Steve McQueen has made substantial waves in the film industry, especially considering he has only made four feature-length films to date. McQueen, born and raised in West London, spent the early years of his career in short film. He is disciplined behind the camera, often giving unflinching portraits of historical figures and examinations of society through fictional realism. He was the first black filmmaker to win the Academy Award for Best Picture because of 12 Years a Slave. He is indeed a greatly talented director whose career appears to still be on the rise. Here is a ranking of his feature-length work to date.
With Hunger, McQueen gives a deeply personal look at the legacy of Bobby Sands (played by Michael Fassbender). Sands was a member of the Irish Republican Army who was imprisoned for his belief that Ireland should be an independent republic. In defiance of the prison and the nation at large, Sands and his fellow Irish republican prisoners embarked upon a hunger strike in 1981, during which Sands was elected as a member of Parliament and subsequently died as a result of the strike. The film shows up-close the gruesome protests put on by the prisoners and their unrelenting resolve, especially that of Sands. Fassbender gives perhaps the most powerful performance of his career in McQueen’s best film to date.
12 Years a Slave (2013)
McQueen’s deeply emotional portrayal of the life of Solomon Northup earned him much praise. Rightfully so, the gorgeous and chilling film refuses to shy away from the horrifying abuses of slavery through the eyes of one of its tragic recipients. Chiwetel Ejiofor gives a powerful performance as Northup, a freeman who was kidnapped and sold back into slavery. The film follows the decade-plus between his capture and rescue. McQueen captures heartbreakingly the unimaginable torture of achieving sweet freedom, only to have it ripped from you once more. With strong supporting performances from Lupita Nyong’o, Paul Dano, Brad Pitt, Michael Fassbender and more, 12 Years a Slave is easily one of the most haunting contemporary films about American slavery.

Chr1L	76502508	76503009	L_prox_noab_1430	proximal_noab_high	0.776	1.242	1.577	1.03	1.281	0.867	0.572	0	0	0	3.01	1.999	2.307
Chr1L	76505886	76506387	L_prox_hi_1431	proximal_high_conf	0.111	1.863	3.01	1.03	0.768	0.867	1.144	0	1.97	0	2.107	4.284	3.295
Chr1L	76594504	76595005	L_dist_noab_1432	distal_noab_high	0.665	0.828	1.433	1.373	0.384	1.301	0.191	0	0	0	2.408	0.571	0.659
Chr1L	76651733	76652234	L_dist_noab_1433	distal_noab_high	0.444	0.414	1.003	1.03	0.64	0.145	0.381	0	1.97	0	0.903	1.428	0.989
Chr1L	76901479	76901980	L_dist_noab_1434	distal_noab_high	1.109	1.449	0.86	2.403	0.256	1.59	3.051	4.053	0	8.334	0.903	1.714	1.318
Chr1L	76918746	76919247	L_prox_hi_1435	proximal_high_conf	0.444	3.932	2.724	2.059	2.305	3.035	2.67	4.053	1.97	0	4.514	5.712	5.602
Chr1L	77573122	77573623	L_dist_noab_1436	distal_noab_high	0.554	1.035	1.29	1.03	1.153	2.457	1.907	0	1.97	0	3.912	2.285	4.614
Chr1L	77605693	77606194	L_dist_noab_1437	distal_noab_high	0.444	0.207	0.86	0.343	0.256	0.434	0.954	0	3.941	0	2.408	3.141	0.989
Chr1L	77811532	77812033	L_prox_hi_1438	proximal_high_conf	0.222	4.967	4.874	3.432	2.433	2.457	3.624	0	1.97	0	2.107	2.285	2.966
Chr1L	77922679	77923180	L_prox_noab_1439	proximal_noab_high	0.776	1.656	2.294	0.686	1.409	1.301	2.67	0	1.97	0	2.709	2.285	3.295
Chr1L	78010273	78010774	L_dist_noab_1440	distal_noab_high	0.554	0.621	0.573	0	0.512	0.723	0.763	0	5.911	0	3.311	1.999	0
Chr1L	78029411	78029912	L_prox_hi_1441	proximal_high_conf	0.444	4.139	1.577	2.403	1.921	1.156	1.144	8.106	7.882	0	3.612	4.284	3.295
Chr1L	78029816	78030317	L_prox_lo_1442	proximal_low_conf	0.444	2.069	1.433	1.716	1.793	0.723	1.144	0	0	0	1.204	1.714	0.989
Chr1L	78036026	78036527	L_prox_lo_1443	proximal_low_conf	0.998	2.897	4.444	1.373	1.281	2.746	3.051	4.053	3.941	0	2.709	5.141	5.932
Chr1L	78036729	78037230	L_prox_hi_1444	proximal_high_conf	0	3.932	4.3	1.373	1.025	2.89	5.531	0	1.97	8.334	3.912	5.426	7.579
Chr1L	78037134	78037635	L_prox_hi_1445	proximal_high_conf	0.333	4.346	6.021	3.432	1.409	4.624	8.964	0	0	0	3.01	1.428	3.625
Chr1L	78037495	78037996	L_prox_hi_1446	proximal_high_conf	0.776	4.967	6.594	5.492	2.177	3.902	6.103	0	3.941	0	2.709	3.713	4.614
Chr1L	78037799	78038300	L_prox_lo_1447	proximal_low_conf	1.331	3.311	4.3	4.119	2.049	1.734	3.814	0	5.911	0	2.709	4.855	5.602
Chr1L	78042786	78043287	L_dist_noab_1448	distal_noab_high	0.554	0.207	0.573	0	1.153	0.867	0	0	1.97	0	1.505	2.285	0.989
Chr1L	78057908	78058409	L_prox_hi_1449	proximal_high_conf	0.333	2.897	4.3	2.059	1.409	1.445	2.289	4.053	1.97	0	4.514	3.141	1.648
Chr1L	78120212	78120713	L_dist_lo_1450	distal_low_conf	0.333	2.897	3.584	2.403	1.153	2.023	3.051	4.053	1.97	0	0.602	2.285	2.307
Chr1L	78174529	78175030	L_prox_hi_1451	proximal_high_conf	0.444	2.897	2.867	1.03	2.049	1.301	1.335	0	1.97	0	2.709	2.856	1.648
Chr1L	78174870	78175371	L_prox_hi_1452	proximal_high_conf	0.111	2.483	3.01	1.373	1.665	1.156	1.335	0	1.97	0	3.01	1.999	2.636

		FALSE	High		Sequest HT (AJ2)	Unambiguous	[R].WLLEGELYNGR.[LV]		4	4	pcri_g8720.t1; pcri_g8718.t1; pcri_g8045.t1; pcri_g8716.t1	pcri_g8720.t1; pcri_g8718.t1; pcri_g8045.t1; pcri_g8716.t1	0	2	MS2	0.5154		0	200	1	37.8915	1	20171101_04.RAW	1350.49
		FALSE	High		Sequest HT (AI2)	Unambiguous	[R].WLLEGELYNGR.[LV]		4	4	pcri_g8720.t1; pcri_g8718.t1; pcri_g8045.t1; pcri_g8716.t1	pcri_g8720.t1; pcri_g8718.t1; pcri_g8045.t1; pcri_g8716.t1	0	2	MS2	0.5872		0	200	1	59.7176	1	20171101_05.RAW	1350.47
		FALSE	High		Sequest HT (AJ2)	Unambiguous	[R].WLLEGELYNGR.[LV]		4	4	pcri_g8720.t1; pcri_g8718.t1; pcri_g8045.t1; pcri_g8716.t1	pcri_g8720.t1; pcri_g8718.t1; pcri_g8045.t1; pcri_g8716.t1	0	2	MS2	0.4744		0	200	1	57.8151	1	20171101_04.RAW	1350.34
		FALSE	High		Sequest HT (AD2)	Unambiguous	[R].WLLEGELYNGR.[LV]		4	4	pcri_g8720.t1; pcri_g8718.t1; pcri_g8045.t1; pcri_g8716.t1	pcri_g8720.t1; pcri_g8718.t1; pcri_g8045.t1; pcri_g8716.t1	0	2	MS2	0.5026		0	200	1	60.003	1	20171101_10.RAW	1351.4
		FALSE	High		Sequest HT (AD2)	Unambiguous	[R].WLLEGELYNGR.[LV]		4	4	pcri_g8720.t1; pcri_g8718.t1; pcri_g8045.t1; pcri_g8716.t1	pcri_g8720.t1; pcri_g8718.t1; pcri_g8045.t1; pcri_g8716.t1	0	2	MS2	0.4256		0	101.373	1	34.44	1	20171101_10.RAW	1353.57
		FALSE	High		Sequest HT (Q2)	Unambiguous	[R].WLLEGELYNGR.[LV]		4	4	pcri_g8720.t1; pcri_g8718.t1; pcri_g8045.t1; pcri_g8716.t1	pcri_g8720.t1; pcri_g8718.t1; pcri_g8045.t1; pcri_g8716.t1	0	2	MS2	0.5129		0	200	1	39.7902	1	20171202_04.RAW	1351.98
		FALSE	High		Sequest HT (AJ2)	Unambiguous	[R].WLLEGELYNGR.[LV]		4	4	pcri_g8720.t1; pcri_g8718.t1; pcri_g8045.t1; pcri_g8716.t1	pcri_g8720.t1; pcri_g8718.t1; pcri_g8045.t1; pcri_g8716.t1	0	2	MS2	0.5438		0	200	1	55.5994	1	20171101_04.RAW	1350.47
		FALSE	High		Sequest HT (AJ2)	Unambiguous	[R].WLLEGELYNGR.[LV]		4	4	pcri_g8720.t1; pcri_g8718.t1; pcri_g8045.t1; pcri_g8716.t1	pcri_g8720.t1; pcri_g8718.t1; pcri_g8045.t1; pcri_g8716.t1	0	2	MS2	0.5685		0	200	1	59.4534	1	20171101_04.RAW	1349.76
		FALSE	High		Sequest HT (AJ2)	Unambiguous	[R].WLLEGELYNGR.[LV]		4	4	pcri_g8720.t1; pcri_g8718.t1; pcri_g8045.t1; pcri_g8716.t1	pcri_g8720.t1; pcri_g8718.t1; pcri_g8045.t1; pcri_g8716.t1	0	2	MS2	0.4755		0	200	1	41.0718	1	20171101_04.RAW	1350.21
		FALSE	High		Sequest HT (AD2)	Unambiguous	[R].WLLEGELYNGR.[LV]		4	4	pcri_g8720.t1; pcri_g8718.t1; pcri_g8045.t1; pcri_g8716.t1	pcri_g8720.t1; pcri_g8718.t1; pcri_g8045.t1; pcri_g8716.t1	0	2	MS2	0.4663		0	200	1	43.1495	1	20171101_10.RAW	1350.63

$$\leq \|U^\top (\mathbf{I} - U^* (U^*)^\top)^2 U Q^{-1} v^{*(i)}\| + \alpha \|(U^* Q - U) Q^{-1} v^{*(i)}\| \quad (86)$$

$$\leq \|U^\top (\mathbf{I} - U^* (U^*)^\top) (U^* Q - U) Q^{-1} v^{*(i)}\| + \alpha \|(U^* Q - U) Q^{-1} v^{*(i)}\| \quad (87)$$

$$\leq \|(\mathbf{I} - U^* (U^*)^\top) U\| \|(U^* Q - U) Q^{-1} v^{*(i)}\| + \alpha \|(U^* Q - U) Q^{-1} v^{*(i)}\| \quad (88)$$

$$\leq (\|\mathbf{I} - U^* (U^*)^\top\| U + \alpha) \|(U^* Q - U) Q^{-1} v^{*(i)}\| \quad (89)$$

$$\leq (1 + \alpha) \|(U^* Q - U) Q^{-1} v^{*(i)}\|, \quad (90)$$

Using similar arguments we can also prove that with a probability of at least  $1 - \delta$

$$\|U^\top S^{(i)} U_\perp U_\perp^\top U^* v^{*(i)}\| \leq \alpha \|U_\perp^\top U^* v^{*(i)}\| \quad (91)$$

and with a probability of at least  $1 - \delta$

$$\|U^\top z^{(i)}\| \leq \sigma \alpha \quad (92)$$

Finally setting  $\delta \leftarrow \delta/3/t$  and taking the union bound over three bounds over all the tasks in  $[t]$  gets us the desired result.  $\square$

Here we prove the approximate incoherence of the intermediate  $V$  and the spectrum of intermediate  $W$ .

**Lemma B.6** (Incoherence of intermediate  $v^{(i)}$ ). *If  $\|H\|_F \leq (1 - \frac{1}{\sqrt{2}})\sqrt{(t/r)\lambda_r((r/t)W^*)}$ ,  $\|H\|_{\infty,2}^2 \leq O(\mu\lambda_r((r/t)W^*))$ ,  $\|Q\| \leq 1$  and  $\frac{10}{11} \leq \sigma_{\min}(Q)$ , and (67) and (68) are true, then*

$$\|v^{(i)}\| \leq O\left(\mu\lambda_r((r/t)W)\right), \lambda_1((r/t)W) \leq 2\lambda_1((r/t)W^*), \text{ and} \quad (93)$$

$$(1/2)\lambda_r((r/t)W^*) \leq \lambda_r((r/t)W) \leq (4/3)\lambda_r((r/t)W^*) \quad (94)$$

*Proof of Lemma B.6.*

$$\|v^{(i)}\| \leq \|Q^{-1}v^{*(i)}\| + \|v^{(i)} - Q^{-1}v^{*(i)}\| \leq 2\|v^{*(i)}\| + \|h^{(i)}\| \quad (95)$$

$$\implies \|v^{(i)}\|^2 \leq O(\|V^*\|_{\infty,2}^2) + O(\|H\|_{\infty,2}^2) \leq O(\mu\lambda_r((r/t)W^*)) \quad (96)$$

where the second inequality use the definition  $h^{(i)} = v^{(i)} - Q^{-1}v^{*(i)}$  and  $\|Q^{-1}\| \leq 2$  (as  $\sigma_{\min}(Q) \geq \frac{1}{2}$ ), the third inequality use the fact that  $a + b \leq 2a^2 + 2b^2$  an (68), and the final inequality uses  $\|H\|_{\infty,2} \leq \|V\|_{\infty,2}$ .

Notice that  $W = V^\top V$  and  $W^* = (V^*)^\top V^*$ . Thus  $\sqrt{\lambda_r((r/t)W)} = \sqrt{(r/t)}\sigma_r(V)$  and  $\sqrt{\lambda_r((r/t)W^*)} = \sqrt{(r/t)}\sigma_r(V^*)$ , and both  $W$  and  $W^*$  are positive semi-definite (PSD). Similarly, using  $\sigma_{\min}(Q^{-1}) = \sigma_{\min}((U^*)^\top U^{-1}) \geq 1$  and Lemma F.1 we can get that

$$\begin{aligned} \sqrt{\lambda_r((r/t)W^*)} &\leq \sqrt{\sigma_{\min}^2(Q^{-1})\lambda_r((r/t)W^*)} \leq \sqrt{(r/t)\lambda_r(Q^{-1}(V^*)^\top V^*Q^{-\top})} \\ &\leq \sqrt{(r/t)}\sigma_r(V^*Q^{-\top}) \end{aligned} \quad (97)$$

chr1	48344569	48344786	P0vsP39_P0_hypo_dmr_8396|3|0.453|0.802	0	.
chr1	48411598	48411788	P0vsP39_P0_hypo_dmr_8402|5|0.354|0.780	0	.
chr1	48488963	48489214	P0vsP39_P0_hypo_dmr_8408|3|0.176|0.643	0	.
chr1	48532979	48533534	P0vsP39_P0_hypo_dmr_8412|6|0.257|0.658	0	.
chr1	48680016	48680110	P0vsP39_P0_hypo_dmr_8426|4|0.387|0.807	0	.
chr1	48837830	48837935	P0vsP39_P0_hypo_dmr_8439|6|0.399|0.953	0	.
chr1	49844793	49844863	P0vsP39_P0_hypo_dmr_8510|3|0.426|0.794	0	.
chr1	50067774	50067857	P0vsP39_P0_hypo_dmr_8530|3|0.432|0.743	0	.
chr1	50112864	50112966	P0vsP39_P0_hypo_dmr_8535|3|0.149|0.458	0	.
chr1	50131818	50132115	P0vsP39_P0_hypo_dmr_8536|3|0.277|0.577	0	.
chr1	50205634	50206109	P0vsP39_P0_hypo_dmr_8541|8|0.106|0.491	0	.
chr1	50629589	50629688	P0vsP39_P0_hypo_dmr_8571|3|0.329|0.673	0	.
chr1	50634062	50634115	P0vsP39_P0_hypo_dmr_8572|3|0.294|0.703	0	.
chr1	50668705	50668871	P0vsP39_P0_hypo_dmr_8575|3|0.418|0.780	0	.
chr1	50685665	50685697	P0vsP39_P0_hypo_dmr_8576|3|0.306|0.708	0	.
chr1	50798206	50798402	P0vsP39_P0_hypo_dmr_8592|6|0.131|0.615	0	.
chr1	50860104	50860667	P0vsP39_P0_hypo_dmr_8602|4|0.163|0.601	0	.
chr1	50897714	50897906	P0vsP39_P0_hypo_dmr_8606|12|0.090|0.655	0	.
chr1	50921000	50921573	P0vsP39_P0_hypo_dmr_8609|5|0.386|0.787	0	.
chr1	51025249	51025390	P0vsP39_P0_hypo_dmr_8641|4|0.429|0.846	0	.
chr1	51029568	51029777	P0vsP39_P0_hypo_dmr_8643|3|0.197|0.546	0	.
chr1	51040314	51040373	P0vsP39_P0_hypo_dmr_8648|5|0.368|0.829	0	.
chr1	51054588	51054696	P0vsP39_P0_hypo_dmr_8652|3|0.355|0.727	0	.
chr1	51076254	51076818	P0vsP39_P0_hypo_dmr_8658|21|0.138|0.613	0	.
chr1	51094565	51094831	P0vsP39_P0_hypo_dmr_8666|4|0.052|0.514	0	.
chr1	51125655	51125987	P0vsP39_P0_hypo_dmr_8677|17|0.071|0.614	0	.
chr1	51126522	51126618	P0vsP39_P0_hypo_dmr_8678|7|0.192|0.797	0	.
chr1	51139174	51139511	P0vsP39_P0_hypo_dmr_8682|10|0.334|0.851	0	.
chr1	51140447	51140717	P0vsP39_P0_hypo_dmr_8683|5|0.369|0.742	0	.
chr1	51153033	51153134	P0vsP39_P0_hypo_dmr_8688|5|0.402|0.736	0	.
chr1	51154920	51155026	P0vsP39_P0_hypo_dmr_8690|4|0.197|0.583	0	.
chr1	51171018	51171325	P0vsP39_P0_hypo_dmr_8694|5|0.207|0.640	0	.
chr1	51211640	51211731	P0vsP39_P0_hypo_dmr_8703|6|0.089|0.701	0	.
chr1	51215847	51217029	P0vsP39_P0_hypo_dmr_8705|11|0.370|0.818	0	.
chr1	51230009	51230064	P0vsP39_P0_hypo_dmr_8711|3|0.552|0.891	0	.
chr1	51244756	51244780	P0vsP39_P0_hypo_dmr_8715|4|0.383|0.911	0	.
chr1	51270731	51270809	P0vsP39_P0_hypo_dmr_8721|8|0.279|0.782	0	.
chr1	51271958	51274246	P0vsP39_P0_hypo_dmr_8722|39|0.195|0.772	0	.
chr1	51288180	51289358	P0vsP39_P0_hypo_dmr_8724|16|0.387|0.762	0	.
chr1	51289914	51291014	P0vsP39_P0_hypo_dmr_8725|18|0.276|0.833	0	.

McQueen’s most recent piece, Widows, is based off a British drama series of the same name from the 1980s. Along with Gillian Flynn—the mind behind Gone Girl and Sharp Objects—he adapted the series for both film and the modern day. Viola Davis plays Veronica Rawlings, wife of career thief Harry Rawlings (Liam Neeson). When Harry and his team are killed on the job, they leave a sizable debt to a local crime family (Brian Tyree Henry and Daniel Kaluuya). Veronica is given a choice to either accept the repercussions of her husband’s mistake or come up with enough money to pay back the debt. She and the widows of her husband’s partners must come together to pull of a heist to pay their husbands’ collective piper. It is a tense, gripping film with a bleak, cynical assessment of the world today.
In Shame, their second of three collaborations—so far—Michael Fassbender plays Brandon Sullivan, a Manhattan executive and sex addict. His high-speed, no-commitments lifestyle is critically disrupted when his sister Sissy (Carrie Mulligan) stays with him. The film is deeply explicit and holds a rating of NC-17 in the United States. Like the rest of McQueen’s films, it is honest to a fault and as a result can be hard to watch. The severity with which Brandon and his addiction is treated is characteristic of McQueen’s commitment to realism. Though it is the weakest of his films to date, it was nonetheless lauded, which speaks to his talent as a filmmaker.